Since World War II, the Catholic Church has become a leading champion of the inviolable rights of individual human persons. Applying this principle, the bishops of the United States in November 2000 published Responsibility and Rehabilitation, a critique of the American criminal justice system, in which they upheld the dignity of the accused and rejected slogans such as “three strikes and you’re out.” Among other things, the bishops stated: “One-size-fits-all solutions are often inadequate.... We must renew our efforts to ensure that the punishment fits the crime. Therefore, we do not support mandatory sentencing that replaces judges’ assessments with rigid formulations.”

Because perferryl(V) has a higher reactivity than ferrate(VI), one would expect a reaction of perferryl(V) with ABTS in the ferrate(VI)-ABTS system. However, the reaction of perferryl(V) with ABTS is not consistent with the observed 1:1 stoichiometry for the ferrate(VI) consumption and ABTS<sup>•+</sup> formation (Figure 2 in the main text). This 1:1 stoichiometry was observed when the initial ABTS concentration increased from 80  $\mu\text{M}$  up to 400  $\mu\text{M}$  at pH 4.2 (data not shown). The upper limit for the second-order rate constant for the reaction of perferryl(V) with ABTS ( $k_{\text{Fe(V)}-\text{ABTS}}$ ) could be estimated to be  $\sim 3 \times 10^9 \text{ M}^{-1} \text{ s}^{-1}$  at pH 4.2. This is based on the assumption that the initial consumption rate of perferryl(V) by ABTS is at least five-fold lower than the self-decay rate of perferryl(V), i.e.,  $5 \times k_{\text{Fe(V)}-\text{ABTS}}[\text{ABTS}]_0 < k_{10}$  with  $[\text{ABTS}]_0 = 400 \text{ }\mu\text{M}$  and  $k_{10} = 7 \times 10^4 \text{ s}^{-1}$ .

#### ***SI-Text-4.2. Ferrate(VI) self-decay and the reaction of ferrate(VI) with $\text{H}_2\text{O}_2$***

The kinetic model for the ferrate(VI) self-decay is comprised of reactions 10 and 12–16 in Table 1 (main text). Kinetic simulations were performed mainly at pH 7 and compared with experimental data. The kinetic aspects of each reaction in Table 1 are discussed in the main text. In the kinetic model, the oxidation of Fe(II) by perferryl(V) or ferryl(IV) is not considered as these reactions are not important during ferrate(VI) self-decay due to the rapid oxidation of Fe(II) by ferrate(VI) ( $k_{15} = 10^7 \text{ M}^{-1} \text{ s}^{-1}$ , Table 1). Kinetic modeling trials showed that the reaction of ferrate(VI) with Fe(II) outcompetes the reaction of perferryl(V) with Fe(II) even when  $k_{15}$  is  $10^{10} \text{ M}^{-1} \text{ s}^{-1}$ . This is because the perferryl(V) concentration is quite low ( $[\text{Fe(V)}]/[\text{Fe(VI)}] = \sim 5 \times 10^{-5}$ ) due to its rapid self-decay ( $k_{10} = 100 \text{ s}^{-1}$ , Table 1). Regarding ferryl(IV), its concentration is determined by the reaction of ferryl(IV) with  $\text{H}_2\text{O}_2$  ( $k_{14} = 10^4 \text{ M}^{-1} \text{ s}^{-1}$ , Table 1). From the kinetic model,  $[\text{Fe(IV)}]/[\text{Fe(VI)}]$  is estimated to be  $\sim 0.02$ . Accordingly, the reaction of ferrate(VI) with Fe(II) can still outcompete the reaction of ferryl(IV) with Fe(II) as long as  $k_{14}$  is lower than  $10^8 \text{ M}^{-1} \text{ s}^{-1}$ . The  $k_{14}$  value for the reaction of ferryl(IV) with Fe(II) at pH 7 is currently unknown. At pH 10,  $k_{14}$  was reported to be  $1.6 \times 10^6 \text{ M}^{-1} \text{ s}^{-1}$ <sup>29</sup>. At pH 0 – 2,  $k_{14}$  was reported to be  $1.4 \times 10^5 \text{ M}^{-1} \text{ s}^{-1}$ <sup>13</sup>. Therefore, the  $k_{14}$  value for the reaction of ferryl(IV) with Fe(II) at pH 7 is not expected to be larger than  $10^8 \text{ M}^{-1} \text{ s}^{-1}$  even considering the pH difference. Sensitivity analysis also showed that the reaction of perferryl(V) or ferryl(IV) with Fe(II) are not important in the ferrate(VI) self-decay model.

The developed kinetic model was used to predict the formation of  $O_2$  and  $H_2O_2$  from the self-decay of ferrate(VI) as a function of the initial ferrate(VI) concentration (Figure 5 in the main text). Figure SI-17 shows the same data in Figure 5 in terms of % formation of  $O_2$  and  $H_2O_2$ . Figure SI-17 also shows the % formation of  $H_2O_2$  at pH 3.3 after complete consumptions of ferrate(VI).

“Finally,” they said, “we must welcome ex-offenders back into society as full participating members, to the extent feasible.”

In the case of the sexual abuse crisis, the United States bishops have taken positions at odds with these high principles. Meeting at Dallas in June 2002 under the glare of adverse publicity and under intense pressure from various survivors’ networks, they hastily adopted, after less than two days of debate, the so-called Dallas charter and an accompanying set of norms that were intended, after approval by the Holy See, to be legally binding in the United States.